The Canadian government has amassed both human and signals intelligence in a months-long investigation of a Sikh activist’s murder, which it has alleged was done by India, CBC News reported on Friday.

The unprecedented tensions flared up on Monday after Canadian Prime Minister Justin Trudeau said Ottawa was “actively pursuing credible allegations” linking Indian government agents to the murder of Hardeep Singh Nijjar, 45, outside a Sikh temple in British Columbia in June.

The two countries, whose relations have been fraying in recent years over the issue of Sikh separatists, have since announced tit-for-tat expulsions of senior diplomats and issued tit-for-tat travel advisories.

Indian PM Narendra Modi’s government denied any links to the alleged murder. While calling on India to cooperate with the investigation into the murder, Canada said on Thursday it would not release its evidence.

Traditional Canadian allies have so far taken a relatively cautious approach to the matter. Analysts say this is partly because the United States and other major players see India as a counterweight to the growing influence of China.

Today, quoting Canadian government sources, CBC News said the “intelligence includes communications involving Indian officials themselves, including Indian diplomats present in Canada”.

It added that the intelligence “did not come solely from Canada” and some was also provided by “an unnamed ally in the Five Eyes” alliance — an intelligence-sharing network that includes the US, the UK, Canada, Australia and New Zealand.

The Canadian publication went on to add that the slain Sikh leader “reportedly had been warned by the Canadian Security Intelligence Service that he was at risk”.

The report further said that “in a diplomatic crisis that unfolded progressively behind the scenes, Canadian officials went to India on several occasions seeking cooperation” in the investigation of Nijjar’s death.

CBC News said that Canada’s National Security and Intelligence Adviser Jody Thomas was in India over four days in mid-August. Another five-day visit this month overlapped with a “tense meeting” between the two countries’ premiers, it added.

The report quoted Canadian sources as saying: “When pressed behind closed doors, no Indian official has denied the bombshell allegation at the core of this case — that there is evidence to suggest Indian government involvement in the assassination of a Canadian citizen on Canadian soil.”

“I can assure you that the decision to share these allegations on the floor of the House of Commons … was not done lightly,” CBC quoted Trudeau as stating yesterday after attending the 78th UN General Assembly in New York. “It was done with the utmost seriousness.”

‘Not some special exemption’ for India, US says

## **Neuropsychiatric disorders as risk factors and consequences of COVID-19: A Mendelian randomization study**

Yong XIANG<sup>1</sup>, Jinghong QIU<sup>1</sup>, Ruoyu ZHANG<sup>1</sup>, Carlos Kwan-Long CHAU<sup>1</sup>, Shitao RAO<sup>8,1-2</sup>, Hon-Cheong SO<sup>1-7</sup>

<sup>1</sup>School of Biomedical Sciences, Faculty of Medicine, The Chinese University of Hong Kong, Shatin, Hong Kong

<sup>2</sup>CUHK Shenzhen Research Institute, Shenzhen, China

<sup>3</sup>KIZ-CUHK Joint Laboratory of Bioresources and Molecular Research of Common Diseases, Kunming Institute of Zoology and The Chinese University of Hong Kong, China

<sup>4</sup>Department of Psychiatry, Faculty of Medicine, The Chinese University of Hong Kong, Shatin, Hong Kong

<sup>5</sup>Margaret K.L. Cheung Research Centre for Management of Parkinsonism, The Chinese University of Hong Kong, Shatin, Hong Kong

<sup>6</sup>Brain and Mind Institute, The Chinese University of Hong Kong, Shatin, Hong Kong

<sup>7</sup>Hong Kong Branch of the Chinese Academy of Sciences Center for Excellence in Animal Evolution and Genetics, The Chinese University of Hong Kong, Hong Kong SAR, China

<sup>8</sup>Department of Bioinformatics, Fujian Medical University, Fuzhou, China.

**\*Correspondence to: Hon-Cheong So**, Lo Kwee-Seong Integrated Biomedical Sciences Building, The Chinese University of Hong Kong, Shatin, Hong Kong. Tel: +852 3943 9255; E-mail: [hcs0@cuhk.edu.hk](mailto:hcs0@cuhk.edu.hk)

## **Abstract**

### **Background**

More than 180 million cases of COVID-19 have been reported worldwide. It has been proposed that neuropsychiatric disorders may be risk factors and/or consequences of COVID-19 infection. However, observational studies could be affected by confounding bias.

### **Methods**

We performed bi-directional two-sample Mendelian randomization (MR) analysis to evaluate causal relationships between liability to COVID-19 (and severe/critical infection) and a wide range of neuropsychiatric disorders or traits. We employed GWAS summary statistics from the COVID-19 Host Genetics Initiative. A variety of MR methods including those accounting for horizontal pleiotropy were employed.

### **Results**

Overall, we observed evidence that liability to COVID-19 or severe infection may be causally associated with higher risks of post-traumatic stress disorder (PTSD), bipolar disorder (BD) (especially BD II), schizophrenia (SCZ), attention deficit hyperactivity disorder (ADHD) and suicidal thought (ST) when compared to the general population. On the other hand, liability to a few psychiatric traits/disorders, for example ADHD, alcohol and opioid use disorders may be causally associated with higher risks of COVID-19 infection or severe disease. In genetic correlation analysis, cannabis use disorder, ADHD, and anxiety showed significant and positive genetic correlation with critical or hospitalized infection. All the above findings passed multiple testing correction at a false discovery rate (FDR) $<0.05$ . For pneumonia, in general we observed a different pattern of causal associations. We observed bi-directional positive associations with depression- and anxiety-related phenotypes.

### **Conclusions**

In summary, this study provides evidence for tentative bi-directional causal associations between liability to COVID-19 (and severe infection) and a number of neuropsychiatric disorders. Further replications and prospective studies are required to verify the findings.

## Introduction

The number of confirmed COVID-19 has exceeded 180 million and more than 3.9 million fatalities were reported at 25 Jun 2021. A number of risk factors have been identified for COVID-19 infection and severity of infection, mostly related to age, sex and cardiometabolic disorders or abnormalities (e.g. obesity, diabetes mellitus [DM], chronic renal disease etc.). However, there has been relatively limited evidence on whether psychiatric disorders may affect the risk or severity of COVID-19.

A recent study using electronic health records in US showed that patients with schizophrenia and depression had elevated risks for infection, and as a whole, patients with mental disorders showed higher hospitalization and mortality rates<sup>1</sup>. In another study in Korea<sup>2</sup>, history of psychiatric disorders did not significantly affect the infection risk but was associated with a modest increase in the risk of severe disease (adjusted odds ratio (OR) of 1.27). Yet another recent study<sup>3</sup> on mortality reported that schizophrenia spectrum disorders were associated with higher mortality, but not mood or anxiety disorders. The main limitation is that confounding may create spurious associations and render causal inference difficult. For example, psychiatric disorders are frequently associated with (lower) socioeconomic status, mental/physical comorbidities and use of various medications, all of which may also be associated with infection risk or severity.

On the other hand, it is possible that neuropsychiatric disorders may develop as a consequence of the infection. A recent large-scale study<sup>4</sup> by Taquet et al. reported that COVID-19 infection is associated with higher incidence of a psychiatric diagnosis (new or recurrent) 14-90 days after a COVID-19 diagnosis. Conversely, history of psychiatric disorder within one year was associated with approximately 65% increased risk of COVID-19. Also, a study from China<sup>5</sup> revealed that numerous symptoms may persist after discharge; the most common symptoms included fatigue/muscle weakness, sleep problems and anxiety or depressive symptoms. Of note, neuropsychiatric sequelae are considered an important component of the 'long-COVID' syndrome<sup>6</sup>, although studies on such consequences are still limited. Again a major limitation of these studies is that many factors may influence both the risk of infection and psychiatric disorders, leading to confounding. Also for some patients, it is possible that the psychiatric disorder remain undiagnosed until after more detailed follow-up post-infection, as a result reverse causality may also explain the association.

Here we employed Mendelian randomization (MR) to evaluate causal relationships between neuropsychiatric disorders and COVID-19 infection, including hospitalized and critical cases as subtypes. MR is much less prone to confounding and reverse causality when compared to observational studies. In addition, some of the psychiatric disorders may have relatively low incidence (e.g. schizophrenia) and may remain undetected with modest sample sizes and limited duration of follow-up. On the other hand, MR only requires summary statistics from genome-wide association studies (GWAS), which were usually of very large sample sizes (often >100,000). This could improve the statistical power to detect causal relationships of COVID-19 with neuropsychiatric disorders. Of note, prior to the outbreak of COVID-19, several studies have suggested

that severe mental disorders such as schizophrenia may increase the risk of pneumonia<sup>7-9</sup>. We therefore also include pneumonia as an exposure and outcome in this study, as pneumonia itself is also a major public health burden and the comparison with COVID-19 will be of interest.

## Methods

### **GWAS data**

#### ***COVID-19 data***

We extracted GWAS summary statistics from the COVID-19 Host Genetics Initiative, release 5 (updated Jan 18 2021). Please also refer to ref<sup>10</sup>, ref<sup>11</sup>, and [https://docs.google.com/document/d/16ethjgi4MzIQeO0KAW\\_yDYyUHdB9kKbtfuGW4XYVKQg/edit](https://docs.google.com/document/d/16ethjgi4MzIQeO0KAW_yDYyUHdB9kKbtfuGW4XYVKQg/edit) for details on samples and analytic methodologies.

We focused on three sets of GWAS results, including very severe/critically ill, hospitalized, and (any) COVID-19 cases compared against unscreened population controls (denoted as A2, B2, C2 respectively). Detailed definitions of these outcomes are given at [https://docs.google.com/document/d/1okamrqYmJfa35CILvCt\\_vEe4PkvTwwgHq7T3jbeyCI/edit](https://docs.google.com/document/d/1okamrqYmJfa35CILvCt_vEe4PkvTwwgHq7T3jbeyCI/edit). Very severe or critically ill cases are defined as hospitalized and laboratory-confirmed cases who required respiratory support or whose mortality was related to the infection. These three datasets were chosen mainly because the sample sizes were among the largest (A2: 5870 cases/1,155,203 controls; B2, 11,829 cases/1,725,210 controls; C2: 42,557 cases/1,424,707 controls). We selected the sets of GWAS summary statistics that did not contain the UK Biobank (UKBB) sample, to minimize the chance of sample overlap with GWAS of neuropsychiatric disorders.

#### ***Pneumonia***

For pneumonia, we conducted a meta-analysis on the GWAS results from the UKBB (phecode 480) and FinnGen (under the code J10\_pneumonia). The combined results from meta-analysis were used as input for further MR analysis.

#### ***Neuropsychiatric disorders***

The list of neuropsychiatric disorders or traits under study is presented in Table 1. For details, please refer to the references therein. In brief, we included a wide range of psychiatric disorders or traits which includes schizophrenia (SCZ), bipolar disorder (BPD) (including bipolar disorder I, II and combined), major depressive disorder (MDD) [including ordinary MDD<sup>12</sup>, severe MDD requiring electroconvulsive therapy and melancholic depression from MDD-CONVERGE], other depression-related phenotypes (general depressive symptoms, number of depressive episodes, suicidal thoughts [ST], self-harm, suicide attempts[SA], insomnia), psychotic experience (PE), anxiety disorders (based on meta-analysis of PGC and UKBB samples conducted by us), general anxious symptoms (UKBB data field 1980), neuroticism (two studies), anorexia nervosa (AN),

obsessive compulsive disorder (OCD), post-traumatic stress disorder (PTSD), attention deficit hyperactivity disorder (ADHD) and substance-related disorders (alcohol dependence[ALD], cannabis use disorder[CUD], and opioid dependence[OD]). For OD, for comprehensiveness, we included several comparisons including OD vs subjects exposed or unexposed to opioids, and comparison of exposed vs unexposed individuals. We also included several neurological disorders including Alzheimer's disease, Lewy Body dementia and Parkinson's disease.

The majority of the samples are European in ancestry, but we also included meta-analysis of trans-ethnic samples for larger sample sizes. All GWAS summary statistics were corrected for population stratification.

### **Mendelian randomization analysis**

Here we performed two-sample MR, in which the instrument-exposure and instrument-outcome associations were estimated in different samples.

Meanwhile, the US is in touch with Indians at high levels and Washington is giving India no “special exemption” in the matter, its national security adviser Jake Sullivan said on Thursday.

The United States has been seeking to strengthen its relationship with India. President Joe Biden hosted Modi for a state visit at the White House earlier this year.

Asked whether US concern over the incident could disrupt that process, Sullivan said the United States would stand up for its principles, regardless of what country is affected.

“It is a matter of concern for us. It is something we take seriously. It is something we will keep working on, and we will do that regardless of the country,” Sullivan told reporters at the White House.

“There’s not some special exemption you get for actions like this. Regardless of the country, we will stand up and defend our basic principles and we will also consult closely with allies like Canada as they pursue their law enforcement and diplomatic process.”

Sullivan noted that the United States was in touch with both countries about the topic. “We are in constant contact with our Canadian counterparts … and we have also been in touch with the Indian government,” Sullivan said.

Earlier, John Kirby, spokesman for the White House National Security Council (NSC) had said it supported Canada’s efforts to investigate the killing and encouraged India to cooperate in the probe.

Separately, another NSC spokesperson, Adrienne Watson, had denied reports that the US had “rebuffed” Canada over the matter.

Australia had expressed “deep concern” over Canada’s accusations while Britain said it was in close touch with its Canadian partners about the “serious allegations”.

Prime Minister Anwaarul Haq Kakar had a day ago termed the rising wave of Hindutva or Hindu nationalism a “matter of deep concern” for the international community.

The Foreign Office had also said the accusation showed that New Delhi’s “network of extra-territorial killings” had gone global while Foreign Secretary Syrus Qazi said Pakistan was not surprised by the Canadian accusation.

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